I went out Sunday with the Seattle Urban Sketchers group to Kenmore Air in Bothel. Kenmore is a seaplane air harbor, repair, and fabrication facility. Seattle of course is dotted with seaplanes flying overhead, more than likely if you look up, it’s a Kenmore plane. I spent most of the morning in the main hangar drawing a plane that was being refurbished (which is not the plane I’m showing here, although this plane is going through a repair to the pontoon during the drawing). The highlight of the morning was a tour of the shop space in the second hanger where a couple of planes are going through significant upgrades. I was very fortunate to get the tour from one of Kenmore’s pilots and main mechanics – Sam – who is passionate about these aircraft. He loves the industry and is really excited to talk about the construction and technology that went into the design of these machines. There are a number aircraft that Kenmore flies, but primarily they use the Dehavilland Beaver (seen in this image), and the Dehavilland Otter. Both the Beaver and Otter are older model planes that have been the long time standards of float plane travel. The Beaver is a smaller plane with a radial engine making for a squat workhorse look. The Otters are slightly larger with longer turboprop engines which give them a very sleek look. These aircraft are from the 60’s with modern upgrades, but the fact they are from a pre computer era, really means they are quite mechanically straightforward. The see them with their outer skin removed is a fascinating look into a visually complex but ultimately understandable set of mechanical interactions, cables connect directly from the throttle all the way up to the control surfaces on the wings and tail. It’s kind of like a bicycle, pull the cable to move the derailleur, to shift the gear. The magic is both in the elegance and organization. I like seeing things for what they are, and beyond the fascination with flight, I’ve come to realize it’s the purposeful combination of form and functional components wrapped in a package of both aerodynamics and visual complexity that make aircraft so compelling to look at and draw. Expect more in the future.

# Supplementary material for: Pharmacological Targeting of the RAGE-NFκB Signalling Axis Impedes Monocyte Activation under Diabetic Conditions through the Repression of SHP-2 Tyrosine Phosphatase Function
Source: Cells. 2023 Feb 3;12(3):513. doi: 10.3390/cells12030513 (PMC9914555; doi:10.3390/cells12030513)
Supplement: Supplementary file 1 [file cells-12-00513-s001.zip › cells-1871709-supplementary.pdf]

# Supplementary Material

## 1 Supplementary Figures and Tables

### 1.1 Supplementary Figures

I guess a lot of construction equipment is painted quite similarly to school buses. I certainly would have rather gone to school in this Motograder. It’s probably air conditioned too which is more than I can say for those old buses.